Frontline health workers, especially ASHA workers, literally spell hope for millions in rural India, but the government does little to keep them incentivised.
With less than five practising doctors per 10,000 persons, India’s public health system is battling a severe crisis, especially in the rural areas where many doctors are often reluctant to practise. The government’s incentives and rules have not changed the situation much. But doctors are not the only lifeline of the healthcare system in rural areas, community health workers are equally important. Clad in pink uniforms, going door-to-door filling up registers and forms, vaccinating women and children and providing information and counselling, India’s army of 860,000 ASHA workers are the linchpin of the system.
Accredited Social Health Activists (ASHAs) are recruited by the National Rural Health Mission (NRHM) and are trained to be the “first port of call” for all health-related issues in a village. As the title suggests, ASHA workers are not just providers of healthcare but activists who promote healthcare practices and make healthcare a matter of community participation.
As promoters of social health, they also address the social determinants of health, or what seem to be external factors determining access to and quality of healthcare. For instance, ASHA workers have been credited for playing a crucial role in bringing down India’s infant mortality rate from 50 deaths per 1000 live births to 34 deaths per 1000 live births between 2005 and 2016. In West Bengal, they have been instrumental in detaching the patriarchal stigma from male sterilisation.
When Swati was recruited as an ASHA worker in 2007, she was excited to be a part of a workforce that has been instrumental in bringing so much change, and was content with the voluntary status as well. Even as payments staggered, she continued to do her work with a sense of duty, but confessed that it was demotivating to work without proper payment.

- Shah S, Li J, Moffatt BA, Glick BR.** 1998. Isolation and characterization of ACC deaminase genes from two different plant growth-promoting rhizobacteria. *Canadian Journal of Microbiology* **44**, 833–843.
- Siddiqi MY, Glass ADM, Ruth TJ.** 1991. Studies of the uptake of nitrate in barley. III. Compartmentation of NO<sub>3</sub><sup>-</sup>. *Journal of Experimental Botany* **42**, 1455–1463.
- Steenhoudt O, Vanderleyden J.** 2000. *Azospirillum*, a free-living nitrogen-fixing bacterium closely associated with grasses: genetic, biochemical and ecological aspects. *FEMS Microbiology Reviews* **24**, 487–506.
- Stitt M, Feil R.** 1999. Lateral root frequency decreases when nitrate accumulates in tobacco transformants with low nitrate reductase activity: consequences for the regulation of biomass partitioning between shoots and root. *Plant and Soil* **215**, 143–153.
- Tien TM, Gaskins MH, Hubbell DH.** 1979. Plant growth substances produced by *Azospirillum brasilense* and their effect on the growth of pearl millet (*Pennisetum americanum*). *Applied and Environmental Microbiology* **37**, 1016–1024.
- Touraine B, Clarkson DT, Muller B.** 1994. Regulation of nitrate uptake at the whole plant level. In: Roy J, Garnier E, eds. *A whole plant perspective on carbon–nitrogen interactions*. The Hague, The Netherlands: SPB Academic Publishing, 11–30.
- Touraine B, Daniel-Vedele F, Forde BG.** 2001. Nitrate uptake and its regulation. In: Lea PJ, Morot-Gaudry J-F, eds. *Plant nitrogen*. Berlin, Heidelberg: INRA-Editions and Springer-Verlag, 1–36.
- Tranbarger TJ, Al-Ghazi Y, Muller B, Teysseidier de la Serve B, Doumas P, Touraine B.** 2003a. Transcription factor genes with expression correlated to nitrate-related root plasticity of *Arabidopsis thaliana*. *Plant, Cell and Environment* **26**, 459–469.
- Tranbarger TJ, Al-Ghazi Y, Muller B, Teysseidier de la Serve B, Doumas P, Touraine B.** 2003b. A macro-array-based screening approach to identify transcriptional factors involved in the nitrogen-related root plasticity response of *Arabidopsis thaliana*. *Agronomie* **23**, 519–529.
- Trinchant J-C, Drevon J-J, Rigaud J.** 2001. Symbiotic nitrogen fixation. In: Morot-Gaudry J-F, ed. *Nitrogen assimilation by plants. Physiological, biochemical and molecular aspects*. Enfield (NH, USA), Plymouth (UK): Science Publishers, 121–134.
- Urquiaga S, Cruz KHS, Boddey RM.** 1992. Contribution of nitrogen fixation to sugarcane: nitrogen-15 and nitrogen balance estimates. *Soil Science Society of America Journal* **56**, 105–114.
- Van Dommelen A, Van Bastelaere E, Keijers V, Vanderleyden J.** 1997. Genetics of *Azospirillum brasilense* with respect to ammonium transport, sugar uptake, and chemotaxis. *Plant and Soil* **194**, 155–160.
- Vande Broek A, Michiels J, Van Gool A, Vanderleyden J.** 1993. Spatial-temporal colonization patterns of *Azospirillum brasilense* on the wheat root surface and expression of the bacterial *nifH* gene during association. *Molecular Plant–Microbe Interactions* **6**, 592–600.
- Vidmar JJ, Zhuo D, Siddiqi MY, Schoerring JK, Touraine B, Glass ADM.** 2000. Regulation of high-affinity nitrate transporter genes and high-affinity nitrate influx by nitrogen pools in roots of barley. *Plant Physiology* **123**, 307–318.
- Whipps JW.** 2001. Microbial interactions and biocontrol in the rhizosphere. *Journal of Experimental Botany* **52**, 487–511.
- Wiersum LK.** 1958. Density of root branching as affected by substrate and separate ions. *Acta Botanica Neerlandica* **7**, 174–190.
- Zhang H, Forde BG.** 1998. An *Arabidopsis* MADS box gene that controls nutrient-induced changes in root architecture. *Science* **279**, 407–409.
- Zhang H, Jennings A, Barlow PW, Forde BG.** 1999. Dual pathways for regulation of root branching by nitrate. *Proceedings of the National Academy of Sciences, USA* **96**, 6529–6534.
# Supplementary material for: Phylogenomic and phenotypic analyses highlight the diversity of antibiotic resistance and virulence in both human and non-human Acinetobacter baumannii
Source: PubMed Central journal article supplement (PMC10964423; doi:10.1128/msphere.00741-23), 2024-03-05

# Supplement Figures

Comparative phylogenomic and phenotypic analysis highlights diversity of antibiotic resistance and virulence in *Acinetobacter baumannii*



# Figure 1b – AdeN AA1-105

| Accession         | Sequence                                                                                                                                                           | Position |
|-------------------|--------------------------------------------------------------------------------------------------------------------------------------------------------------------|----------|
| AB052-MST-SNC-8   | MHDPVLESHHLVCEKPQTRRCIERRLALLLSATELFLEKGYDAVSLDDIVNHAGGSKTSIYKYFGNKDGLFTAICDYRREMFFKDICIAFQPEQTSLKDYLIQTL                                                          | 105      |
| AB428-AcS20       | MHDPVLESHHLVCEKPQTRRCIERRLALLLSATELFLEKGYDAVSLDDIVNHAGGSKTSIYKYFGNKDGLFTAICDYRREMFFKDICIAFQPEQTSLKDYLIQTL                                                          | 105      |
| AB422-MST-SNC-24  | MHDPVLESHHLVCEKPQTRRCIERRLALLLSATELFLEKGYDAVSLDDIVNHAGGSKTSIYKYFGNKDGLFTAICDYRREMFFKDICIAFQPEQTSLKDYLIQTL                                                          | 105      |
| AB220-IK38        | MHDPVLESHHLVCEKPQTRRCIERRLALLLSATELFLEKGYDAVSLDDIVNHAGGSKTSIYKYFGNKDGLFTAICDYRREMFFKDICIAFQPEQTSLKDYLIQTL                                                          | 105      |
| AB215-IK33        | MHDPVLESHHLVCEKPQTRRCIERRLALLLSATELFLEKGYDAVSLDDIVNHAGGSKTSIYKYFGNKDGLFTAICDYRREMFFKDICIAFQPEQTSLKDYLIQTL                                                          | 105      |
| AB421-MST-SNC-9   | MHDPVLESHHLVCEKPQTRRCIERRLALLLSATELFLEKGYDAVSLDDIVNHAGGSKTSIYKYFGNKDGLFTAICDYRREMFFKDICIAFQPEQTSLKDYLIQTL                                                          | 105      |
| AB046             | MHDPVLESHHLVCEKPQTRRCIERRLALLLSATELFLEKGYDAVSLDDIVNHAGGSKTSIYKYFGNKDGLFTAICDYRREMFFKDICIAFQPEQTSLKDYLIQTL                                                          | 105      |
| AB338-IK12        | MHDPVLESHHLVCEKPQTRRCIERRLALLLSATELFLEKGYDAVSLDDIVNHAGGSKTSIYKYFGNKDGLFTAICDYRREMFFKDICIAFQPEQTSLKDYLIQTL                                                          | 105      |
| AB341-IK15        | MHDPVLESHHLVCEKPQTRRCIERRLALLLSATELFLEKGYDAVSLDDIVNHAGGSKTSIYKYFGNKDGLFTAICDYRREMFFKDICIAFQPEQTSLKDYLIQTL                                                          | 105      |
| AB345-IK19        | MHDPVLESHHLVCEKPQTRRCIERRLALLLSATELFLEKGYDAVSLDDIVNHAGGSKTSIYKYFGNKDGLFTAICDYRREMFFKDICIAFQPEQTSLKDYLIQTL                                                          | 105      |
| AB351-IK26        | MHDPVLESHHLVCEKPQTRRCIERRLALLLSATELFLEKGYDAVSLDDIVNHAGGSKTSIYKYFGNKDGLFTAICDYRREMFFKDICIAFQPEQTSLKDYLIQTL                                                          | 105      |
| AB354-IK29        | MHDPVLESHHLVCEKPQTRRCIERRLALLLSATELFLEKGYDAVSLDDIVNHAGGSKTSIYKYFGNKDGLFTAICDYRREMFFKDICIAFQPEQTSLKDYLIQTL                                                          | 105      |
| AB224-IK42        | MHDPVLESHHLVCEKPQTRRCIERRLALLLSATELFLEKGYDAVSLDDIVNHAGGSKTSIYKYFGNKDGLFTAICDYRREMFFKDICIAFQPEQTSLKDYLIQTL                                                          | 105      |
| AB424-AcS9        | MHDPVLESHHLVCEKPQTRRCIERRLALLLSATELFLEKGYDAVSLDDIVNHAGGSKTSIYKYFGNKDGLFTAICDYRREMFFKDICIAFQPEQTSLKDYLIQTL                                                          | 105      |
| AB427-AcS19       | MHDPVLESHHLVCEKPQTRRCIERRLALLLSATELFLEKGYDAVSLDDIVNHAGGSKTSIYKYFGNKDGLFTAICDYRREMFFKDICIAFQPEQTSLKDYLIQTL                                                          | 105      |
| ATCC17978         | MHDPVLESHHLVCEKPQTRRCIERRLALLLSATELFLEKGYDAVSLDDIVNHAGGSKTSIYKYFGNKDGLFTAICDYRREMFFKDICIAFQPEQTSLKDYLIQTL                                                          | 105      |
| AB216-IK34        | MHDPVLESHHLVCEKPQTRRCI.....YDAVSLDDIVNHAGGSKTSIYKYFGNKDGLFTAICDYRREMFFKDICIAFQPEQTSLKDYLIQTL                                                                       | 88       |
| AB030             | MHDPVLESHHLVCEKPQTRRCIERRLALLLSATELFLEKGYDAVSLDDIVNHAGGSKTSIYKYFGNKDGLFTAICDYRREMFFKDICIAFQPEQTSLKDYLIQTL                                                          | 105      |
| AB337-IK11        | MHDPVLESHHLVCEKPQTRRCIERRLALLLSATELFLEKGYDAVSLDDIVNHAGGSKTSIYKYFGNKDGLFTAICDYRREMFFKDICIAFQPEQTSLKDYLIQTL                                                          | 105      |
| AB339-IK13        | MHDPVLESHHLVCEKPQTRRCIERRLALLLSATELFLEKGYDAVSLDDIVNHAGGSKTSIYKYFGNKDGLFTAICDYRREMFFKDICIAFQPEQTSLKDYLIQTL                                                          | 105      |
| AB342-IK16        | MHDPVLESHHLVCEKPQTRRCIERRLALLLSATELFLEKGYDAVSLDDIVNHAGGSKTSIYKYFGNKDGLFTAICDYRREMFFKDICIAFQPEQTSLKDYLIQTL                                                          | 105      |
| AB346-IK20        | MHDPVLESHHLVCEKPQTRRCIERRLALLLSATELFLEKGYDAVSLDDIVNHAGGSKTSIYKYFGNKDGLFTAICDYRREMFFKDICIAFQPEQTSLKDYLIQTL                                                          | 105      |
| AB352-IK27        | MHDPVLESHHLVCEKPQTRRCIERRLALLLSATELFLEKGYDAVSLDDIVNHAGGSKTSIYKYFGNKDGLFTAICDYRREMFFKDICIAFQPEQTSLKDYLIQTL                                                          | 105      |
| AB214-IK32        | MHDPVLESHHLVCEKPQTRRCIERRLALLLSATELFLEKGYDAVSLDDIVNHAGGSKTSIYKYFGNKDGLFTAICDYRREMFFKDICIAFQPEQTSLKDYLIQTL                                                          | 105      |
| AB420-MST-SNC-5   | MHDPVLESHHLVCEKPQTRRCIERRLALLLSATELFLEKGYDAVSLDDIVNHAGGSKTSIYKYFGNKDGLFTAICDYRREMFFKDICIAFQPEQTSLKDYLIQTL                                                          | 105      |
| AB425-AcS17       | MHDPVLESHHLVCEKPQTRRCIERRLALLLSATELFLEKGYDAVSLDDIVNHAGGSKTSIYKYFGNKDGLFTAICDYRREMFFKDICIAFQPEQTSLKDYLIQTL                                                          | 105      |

Swati is one of Jharkhand’s 39,380 ASHA workers, known as Sahiyas in the state. In July 2017, Community Correspondent Nirmala Ekka reported that at least 75 ASHA workers in Ranchi’s Ratu block had not been receiving their dues since 2015 and some of them had arrears of 60,000 rupees and upwards.
On an ordinary day, Swati and her colleagues spend the day on their feet gathering crucial health-related information from households in the village, holding meetings, talking to women, counselling their families, taking patients to the nearest hospitals, ensuring follow-up treatment and more. Despite providing such vital services, ASHA workers are given the status of volunteers rather than employees of the NRHM.
As volunteers, they are paid an honorarium for each task they perform as opposed to a fixed salary, they have little job security and many a time, little respect from government authorities and even local residents. While doctors are incentivised with ‘hard area allowance’ and the likes for working in rural areas, frontline health workers are barely even paid on time, let alone being given incentives and perks.
Over the last one year or more, ASHAs, along with ANMs (auxiliary nurse-midwives) and other community health workers have taken to the streets and demanded formal employment and regularisation of salaries along with better working conditions.
Laxmi Kaurav, an ASHA worker and Video Volunteers Community Correspondent, has been leading one such strike in Bhind, Madhya Pradesh. Kaurav and her group have been on strike since March 8, International Women’s Day, demanding their rights as women and as workers. The local Member of Parliament promised action after they went on a hunger strike but the workers have also been threatened with suspension or termination of service.
In Bihar too, frontline health workers had been threatened with termination of service if they didn’t lift their strike demanding regularisation of service. Meanwhile, in Gujarat, the honorarium amount went up by 50 percent as the state polls approached in 2017.
The government’s treatment of such a crucial part of the health sector workforce is deplorable. The NRHM acknowledges that ASHAs cannot function without adequate institutional support-- from local self-governance bodies, training organisations and from local voluntary groups, but does not always provide this support, along with financial security, and fails to keep them motivated. The skills and services that frontline health workers provide are a goldmine for India’s public health system and failing health workers means failing the healthcare needs of millions.
Video by Community Correspondent Nirmala Ekka
Article by Alankrita Anand, a member of the VV Editorial Team